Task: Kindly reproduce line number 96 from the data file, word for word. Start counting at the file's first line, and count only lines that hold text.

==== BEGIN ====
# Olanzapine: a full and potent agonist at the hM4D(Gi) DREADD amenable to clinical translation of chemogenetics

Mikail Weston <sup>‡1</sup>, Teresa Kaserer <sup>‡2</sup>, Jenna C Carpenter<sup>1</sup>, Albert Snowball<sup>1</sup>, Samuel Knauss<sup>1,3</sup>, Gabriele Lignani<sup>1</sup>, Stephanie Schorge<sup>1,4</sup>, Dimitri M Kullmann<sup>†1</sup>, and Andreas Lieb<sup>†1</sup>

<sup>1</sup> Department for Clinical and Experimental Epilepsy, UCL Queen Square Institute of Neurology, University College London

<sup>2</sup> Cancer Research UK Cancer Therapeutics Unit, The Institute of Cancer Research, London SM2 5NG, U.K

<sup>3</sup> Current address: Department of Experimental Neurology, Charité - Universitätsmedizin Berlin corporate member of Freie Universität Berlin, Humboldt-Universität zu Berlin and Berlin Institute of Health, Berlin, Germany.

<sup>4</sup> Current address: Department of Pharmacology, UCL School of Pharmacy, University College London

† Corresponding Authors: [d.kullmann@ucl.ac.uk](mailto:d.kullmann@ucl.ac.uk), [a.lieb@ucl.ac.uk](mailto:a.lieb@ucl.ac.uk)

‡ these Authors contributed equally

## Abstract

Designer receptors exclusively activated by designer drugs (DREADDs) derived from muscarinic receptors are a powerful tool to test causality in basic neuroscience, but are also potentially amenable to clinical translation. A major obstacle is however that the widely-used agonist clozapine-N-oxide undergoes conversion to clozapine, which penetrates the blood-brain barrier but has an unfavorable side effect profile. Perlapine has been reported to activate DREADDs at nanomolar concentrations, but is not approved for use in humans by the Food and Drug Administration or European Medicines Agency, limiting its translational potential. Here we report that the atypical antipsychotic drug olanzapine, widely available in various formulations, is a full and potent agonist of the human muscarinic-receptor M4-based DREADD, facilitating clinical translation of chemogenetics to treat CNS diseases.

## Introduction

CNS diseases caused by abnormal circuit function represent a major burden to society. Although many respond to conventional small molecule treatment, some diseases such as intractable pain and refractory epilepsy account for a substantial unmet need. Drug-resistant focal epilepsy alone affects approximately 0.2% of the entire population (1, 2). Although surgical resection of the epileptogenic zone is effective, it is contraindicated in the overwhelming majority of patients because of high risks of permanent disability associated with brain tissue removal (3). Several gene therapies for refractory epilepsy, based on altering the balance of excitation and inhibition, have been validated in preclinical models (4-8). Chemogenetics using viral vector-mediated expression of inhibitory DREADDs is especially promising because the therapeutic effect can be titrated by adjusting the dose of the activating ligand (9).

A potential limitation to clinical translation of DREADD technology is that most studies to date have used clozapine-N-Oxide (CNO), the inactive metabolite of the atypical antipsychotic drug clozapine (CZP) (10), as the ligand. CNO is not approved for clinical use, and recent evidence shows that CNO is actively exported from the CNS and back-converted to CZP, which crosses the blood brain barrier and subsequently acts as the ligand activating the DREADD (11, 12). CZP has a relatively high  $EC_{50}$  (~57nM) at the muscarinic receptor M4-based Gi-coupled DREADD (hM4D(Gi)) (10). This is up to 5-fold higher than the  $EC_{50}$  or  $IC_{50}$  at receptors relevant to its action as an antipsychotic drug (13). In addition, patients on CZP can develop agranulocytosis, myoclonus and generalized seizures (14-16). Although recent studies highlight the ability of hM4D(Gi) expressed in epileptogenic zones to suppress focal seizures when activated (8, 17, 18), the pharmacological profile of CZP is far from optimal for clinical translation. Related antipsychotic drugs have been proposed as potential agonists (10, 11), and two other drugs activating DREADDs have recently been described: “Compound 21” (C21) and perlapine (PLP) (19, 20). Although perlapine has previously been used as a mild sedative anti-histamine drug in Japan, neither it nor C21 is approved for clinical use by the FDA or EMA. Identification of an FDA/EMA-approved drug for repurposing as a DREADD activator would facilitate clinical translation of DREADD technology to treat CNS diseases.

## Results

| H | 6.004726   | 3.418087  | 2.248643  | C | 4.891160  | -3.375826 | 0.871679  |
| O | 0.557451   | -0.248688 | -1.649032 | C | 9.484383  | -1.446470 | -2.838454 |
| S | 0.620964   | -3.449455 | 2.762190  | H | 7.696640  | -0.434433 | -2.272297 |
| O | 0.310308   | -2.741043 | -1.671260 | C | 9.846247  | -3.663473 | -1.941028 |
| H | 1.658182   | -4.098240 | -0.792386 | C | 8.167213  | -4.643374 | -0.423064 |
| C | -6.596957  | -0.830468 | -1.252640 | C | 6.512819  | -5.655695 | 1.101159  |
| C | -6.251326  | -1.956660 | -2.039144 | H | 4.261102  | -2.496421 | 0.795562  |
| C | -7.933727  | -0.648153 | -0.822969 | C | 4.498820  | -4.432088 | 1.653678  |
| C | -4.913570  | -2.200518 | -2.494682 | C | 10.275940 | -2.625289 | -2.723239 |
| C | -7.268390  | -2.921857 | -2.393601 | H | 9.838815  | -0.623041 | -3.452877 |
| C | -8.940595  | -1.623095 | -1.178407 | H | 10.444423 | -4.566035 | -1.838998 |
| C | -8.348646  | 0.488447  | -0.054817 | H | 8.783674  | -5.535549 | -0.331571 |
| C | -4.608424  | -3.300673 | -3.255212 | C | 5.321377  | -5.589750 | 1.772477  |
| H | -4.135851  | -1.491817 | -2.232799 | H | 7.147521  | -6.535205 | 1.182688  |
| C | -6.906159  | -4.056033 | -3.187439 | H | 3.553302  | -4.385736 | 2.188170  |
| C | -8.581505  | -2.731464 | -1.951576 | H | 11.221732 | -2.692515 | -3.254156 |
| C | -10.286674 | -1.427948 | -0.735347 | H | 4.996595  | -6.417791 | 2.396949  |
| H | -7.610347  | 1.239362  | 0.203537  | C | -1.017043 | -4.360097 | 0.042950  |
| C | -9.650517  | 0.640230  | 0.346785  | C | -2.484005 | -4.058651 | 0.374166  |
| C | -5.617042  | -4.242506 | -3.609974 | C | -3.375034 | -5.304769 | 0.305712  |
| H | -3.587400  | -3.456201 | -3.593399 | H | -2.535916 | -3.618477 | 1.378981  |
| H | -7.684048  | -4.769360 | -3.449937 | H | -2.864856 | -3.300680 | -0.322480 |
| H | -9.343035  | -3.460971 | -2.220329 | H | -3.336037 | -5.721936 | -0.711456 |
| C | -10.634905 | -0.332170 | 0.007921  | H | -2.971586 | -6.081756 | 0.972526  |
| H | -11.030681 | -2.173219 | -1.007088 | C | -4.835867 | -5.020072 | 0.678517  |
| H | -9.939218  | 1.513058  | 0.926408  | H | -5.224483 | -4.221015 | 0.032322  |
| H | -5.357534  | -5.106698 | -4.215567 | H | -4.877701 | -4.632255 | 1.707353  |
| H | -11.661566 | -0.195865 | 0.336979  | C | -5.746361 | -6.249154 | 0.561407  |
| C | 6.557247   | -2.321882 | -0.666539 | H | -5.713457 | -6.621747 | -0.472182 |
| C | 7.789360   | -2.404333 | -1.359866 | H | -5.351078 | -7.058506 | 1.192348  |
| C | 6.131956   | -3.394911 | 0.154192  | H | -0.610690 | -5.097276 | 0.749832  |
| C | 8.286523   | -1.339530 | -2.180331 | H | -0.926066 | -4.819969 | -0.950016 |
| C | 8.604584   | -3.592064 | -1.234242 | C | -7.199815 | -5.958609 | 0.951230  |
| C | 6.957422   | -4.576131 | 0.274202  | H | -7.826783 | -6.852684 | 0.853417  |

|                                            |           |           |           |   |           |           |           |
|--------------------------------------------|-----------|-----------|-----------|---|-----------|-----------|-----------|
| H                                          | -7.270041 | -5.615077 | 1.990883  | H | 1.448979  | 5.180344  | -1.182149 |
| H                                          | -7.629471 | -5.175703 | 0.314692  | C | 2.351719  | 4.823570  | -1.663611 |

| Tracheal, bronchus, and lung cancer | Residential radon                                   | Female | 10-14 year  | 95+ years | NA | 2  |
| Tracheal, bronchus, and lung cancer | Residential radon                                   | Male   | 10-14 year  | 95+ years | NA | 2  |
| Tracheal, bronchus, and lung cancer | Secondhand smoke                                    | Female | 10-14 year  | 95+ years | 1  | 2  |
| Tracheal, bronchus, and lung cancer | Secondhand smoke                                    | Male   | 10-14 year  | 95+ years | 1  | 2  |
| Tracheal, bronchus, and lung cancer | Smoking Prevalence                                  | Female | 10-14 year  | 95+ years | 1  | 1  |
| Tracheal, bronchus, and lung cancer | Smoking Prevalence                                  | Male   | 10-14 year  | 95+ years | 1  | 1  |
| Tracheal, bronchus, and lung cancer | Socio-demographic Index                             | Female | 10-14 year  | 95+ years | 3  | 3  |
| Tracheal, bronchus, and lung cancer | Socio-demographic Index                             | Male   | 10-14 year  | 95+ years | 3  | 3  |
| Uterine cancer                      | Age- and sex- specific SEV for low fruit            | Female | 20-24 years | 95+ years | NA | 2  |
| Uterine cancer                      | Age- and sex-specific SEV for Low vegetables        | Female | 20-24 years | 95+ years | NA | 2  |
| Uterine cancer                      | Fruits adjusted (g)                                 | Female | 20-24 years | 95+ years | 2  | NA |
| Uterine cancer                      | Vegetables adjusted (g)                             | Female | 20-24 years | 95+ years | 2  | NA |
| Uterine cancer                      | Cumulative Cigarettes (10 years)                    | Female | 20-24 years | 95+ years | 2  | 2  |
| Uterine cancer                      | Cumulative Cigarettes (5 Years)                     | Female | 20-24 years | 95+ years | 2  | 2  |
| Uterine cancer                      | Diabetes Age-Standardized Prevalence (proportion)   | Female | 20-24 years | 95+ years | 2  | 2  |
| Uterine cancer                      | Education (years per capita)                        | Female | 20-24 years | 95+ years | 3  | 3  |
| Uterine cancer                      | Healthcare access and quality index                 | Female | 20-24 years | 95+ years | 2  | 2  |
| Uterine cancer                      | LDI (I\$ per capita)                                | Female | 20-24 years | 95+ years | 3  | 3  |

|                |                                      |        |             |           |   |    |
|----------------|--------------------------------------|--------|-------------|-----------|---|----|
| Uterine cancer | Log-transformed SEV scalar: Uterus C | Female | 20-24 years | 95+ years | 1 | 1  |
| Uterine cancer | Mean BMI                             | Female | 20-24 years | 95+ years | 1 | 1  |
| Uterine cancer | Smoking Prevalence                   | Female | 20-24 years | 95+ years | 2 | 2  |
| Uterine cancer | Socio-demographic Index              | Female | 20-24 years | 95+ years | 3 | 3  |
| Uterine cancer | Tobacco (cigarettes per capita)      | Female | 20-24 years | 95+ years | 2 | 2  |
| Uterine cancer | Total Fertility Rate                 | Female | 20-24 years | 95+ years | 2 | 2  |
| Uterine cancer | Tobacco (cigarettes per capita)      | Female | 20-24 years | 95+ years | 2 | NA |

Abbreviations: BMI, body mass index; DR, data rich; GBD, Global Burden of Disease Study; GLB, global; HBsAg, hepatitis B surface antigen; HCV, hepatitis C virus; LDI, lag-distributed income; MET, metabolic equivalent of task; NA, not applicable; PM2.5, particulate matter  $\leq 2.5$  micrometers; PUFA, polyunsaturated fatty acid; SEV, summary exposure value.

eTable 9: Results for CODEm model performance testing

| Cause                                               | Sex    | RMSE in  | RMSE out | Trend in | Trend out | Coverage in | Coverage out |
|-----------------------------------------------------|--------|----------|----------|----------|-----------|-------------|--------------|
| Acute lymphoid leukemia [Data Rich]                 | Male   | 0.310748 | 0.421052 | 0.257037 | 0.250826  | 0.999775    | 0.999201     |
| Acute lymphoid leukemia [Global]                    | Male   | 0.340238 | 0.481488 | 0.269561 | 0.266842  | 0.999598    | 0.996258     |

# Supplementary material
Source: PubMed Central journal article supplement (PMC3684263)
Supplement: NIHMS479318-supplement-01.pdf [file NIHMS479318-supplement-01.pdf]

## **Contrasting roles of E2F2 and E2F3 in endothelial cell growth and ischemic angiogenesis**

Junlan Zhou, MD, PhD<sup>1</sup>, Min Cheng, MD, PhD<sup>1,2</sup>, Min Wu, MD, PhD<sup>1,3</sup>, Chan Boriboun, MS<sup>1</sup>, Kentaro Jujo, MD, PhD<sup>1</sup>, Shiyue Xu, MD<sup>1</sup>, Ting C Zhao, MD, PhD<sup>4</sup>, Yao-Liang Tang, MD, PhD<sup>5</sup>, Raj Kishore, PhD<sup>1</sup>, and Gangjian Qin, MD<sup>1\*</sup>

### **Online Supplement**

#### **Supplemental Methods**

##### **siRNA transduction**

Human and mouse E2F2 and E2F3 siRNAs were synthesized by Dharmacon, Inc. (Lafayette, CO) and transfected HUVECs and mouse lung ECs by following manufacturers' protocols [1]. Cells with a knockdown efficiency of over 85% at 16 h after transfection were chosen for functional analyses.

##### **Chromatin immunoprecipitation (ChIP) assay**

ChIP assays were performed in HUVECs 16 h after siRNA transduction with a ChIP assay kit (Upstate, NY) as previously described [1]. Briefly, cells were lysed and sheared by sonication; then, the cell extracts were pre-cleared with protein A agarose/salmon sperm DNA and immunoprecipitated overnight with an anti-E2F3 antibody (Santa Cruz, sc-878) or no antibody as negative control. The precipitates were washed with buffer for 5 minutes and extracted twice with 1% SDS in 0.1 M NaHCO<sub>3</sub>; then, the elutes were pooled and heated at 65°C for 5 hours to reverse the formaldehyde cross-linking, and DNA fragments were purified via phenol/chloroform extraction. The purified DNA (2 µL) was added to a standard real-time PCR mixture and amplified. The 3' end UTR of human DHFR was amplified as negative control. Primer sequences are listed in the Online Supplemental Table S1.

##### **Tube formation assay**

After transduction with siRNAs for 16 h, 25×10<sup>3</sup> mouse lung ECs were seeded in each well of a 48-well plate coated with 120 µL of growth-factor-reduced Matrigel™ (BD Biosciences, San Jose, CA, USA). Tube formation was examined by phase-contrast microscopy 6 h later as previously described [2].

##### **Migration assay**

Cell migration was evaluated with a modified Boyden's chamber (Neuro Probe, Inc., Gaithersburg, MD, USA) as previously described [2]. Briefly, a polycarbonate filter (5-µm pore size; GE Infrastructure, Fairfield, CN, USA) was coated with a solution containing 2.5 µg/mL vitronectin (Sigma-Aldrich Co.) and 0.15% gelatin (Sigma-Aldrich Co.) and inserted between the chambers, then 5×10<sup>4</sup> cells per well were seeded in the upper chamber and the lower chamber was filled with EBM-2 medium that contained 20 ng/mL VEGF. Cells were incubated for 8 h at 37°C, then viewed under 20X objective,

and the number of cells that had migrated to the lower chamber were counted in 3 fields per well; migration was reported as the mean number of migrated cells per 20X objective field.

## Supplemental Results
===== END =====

ChIP assays were performed in HUVECs 16 h after siRNA transduction with a ChIP assay kit (Upstate, NY) as previously described [1]. Briefly, cells were lysed and sheared by sonication; then, the cell extracts were pre-cleared with protein A agarose/salmon sperm DNA and immunoprecipitated overnight with an anti-E2F3 antibody (Santa Cruz, sc-878) or no antibody as negative control. The precipitates were washed with buffer for 5 minutes and extracted twice with 1% SDS in 0.1 M NaHCO<sub>3</sub>; then, the elutes were pooled and heated at 65°C for 5 hours to reverse the formaldehyde cross-linking, and DNA fragments were purified via phenol/chloroform extraction. The purified DNA (2 µL) was added to a standard real-time PCR mixture and amplified. The 3' end UTR of human DHFR was amplified as negative control. Primer sequences are listed in the Online Supplemental Table S1.